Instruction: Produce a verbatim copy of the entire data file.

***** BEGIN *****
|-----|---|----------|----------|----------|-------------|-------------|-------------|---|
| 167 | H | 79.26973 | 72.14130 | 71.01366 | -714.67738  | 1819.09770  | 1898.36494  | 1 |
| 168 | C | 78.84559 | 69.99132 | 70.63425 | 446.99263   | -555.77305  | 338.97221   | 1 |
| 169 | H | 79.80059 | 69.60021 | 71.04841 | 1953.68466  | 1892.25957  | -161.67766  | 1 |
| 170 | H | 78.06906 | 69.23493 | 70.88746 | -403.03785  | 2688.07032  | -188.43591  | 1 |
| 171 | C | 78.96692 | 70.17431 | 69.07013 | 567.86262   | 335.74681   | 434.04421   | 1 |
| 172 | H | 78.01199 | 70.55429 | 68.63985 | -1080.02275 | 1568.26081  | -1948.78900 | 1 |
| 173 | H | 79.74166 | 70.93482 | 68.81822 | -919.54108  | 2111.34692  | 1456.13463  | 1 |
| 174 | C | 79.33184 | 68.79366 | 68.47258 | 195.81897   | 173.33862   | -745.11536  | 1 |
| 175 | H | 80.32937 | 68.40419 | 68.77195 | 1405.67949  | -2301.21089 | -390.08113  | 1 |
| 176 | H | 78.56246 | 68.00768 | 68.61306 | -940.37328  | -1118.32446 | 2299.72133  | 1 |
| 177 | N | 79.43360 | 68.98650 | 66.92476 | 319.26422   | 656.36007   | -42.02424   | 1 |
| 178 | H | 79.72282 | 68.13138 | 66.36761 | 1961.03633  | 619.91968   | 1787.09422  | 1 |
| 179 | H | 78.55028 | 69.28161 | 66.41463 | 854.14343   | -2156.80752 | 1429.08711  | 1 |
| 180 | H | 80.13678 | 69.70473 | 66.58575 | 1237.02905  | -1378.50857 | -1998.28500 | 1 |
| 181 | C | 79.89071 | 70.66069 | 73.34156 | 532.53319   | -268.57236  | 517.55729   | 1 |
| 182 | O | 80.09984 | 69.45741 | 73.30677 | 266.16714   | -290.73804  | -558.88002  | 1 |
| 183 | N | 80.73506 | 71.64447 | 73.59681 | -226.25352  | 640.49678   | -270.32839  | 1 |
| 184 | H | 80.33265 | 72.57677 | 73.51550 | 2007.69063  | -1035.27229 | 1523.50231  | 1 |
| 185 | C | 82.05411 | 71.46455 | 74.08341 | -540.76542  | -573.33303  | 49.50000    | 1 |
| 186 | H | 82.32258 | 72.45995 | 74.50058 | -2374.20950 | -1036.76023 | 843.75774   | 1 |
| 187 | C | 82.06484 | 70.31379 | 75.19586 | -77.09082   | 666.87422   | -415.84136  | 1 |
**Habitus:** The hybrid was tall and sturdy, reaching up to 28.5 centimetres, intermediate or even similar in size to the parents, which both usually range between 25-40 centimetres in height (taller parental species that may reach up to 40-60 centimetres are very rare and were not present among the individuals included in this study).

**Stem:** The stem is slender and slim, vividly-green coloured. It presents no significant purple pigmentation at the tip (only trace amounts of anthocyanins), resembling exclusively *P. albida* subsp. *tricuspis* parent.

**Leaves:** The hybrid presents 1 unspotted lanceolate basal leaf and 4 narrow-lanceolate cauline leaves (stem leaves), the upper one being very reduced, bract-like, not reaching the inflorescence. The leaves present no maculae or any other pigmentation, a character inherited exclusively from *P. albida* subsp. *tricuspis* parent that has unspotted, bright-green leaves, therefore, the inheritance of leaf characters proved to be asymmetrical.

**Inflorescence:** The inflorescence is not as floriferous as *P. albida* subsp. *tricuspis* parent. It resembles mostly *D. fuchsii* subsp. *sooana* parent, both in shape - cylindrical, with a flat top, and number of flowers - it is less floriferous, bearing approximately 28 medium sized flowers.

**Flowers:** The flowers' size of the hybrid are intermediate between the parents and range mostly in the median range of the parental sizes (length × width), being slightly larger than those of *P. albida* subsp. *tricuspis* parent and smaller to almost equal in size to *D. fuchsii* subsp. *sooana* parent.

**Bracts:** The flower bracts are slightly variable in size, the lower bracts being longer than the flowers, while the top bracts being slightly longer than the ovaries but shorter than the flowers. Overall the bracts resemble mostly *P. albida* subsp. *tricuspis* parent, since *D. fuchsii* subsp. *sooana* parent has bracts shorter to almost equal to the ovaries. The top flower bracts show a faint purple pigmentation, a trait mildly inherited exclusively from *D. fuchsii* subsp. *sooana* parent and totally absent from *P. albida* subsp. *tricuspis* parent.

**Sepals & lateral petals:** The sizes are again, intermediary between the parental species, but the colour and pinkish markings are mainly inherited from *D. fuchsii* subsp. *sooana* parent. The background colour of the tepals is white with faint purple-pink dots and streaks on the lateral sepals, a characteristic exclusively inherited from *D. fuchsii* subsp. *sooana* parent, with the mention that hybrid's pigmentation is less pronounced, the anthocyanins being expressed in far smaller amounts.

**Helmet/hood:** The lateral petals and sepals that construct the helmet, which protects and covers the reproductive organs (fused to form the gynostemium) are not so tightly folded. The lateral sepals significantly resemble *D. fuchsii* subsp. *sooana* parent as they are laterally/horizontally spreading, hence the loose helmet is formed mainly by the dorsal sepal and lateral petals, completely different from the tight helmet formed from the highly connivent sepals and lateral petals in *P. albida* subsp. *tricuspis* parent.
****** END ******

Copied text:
|-----|---|----------|----------|----------|-------------|-------------|-------------|---|
| 167 | H | 79.26973 | 72.14130 | 71.01366 | -714.67738  | 1819.09770  | 1898.36494  | 1 |
| 168 | C | 78.84559 | 69.99132 | 70.63425 | 446.99263   | -555.77305  | 338.97221   | 1 |
| 169 | H | 79.80059 | 69.60021 | 71.04841 | 1953.68466  | 1892.25957  | -161.67766  | 1 |
| 170 | H | 78.06906 | 69.23493 | 70.88746 | -403.03785  | 2688.07032  | -188.43591  | 1 |
| 171 | C | 78.96692 | 70.17431 | 69.07013 | 567.86262   | 335.74681   | 434.04421   | 1 |
| 172 | H | 78.01199 | 70.55429 | 68.63985 | -1080.02275 | 1568.26081  | -1948.78900 | 1 |
| 173 | H | 79.74166 | 70.93482 | 68.81822 | -919.54108  | 2111.34692  | 1456.13463  | 1 |
| 174 | C | 79.33184 | 68.79366 | 68.47258 | 195.81897   | 173.33862   | -745.11536  | 1 |
| 175 | H | 80.32937 | 68.40419 | 68.77195 | 1405.67949  | -2301.21089 | -390.08113  | 1 |
| 176 | H | 78.56246 | 68.00768 | 68.61306 | -940.37328  | -1118.32446 | 2299.72133  | 1 |
| 177 | N | 79.43360 | 68.98650 | 66.92476 | 319.26422   | 656.36007   | -42.02424   | 1 |
| 178 | H | 79.72282 | 68.13138 | 66.36761 | 1961.03633  | 619.91968   | 1787.09422  | 1 |
| 179 | H | 78.55028 | 69.28161 | 66.41463 | 854.14343   | -2156.80752 | 1429.08711  | 1 |
| 180 | H | 80.13678 | 69.70473 | 66.58575 | 1237.02905  | -1378.50857 | -1998.28500 | 1 |
| 181 | C | 79.89071 | 70.66069 | 73.34156 | 532.53319   | -268.57236  | 517.55729   | 1 |
| 182 | O | 80.09984 | 69.45741 | 73.30677 | 266.16714   | -290.73804  | -558.88002  | 1 |
| 183 | N | 80.73506 | 71.64447 | 73.59681 | -226.25352  | 640.49678   | -270.32839  | 1 |
| 184 | H | 80.33265 | 72.57677 | 73.51550 | 2007.69063  | -1035.27229 | 1523.50231  | 1 |
| 185 | C | 82.05411 | 71.46455 | 74.08341 | -540.76542  | -573.33303  | 49.50000    | 1 |
| 186 | H | 82.32258 | 72.45995 | 74.50058 | -2374.20950 | -1036.76023 | 843.75774   | 1 |
| 187 | C | 82.06484 | 70.31379 | 75.19586 | -77.09082   | 666.87422   | -415.84136  | 1 |
**Habitus:** The hybrid was tall and sturdy, reaching up to 28.5 centimetres, intermediate or even similar in size to the parents, which both usually range between 25-40 centimetres in height (taller parental species that may reach up to 40-60 centimetres are very rare and were not present among the individuals included in this study).

**Stem:** The stem is slender and slim, vividly-green coloured. It presents no significant purple pigmentation at the tip (only trace amounts of anthocyanins), resembling exclusively *P. albida* subsp. *tricuspis* parent.

**Leaves:** The hybrid presents 1 unspotted lanceolate basal leaf and 4 narrow-lanceolate cauline leaves (stem leaves), the upper one being very reduced, bract-like, not reaching the inflorescence. The leaves present no maculae or any other pigmentation, a character inherited exclusively from *P. albida* subsp. *tricuspis* parent that has unspotted, bright-green leaves, therefore, the inheritance of leaf characters proved to be asymmetrical.

**Inflorescence:** The inflorescence is not as floriferous as *P. albida* subsp. *tricuspis* parent. It resembles mostly *D. fuchsii* subsp. *sooana* parent, both in shape - cylindrical, with a flat top, and number of flowers - it is less floriferous, bearing approximately 28 medium sized flowers.

**Flowers:** The flowers' size of the hybrid are intermediate between the parents and range mostly in the median range of the parental sizes (length × width), being slightly larger than those of *P. albida* subsp. *tricuspis* parent and smaller to almost equal in size to *D. fuchsii* subsp. *sooana* parent.

**Bracts:** The flower bracts are slightly variable in size, the lower bracts being longer than the flowers, while the top bracts being slightly longer than the ovaries but shorter than the flowers. Overall the bracts resemble mostly *P. albida* subsp. *tricuspis* parent, since *D. fuchsii* subsp. *sooana* parent has bracts shorter to almost equal to the ovaries. The top flower bracts show a faint purple pigmentation, a trait mildly inherited exclusively from *D. fuchsii* subsp. *sooana* parent and totally absent from *P. albida* subsp. *tricuspis* parent.

**Sepals & lateral petals:** The sizes are again, intermediary between the parental species, but the colour and pinkish markings are mainly inherited from *D. fuchsii* subsp. *sooana* parent. The background colour of the tepals is white with faint purple-pink dots and streaks on the lateral sepals, a characteristic exclusively inherited from *D. fuchsii* subsp. *sooana* parent, with the mention that hybrid's pigmentation is less pronounced, the anthocyanins being expressed in far smaller amounts.

**Helmet/hood:** The lateral petals and sepals that construct the helmet, which protects and covers the reproductive organs (fused to form the gynostemium) are not so tightly folded. The lateral sepals significantly resemble *D. fuchsii* subsp. *sooana* parent as they are laterally/horizontally spreading, hence the loose helmet is formed mainly by the dorsal sepal and lateral petals, completely different from the tight helmet formed from the highly connivent sepals and lateral petals in *P. albida* subsp. *tricuspis* parent.